My Personal Speaker Placement
First off, I use speaker stands for my studio monitors, and the speakers stand 3.5 feet off the ground.  I have the stands roughly 7 feet apart, and the speakers are about 6-7 feet away from my face.  The sub-woofer is on the floor, centered between the two speaker stands.



Note - Do not put the back of the speakers right up against a wall.  Have at least 10 inches between the back of your speakers and the wall, or the sound will be altered.
I've found this setup is close enough where I can here all the details in the music, wide enough so I get a full representation of the stereo field, and the speakers are far away enough so I can crank the music up to 105dbs to make sure it sounds right for loud playback, without blasting myself in the face.

Learning And Calibrating Your Speakers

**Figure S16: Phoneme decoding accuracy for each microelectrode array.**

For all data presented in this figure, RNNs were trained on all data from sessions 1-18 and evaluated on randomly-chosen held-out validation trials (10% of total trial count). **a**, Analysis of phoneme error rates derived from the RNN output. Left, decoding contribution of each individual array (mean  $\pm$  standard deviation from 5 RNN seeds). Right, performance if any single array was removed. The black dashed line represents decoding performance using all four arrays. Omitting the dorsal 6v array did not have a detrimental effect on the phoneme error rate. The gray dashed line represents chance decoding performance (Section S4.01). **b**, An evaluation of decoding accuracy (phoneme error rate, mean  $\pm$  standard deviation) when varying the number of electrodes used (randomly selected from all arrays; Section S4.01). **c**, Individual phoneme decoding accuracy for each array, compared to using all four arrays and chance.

When I first start out with NEW speakers (though I never change them now), I listen to my favorite hit songs in every genre and style.  Songs that I know from my years of experience have X amount of bass, X amount of brightness, etc.  I know how these songs are "supposed" to sound.  

Most good speakers have EQ adjustment switches on them, and the sub-woofer has a volume control on it.  After several listens, I'll slightly adjust the EQ on the monitor speakers and the bass amount on the sub-woofer so that my favorite reference songs sound "true" to me.  I'm making my speakers sound true to life, not exaggerated in any sonic area.  Once the songs playing through these speakers sound "true" to me, then anything I mix or master will be done correctly.  

How could speakers sound untrue to me?  An example, if I'm playing a few commercially hip hop songs and the bass sounds very weak on every song, the speakers I'm using are untrue because I know in reality the bass should be much higher/louder in hip hop.  I know the sub-woofer needs the bass volume adjusted and maybe the studio monitors do too.  And I adjust them accordingly.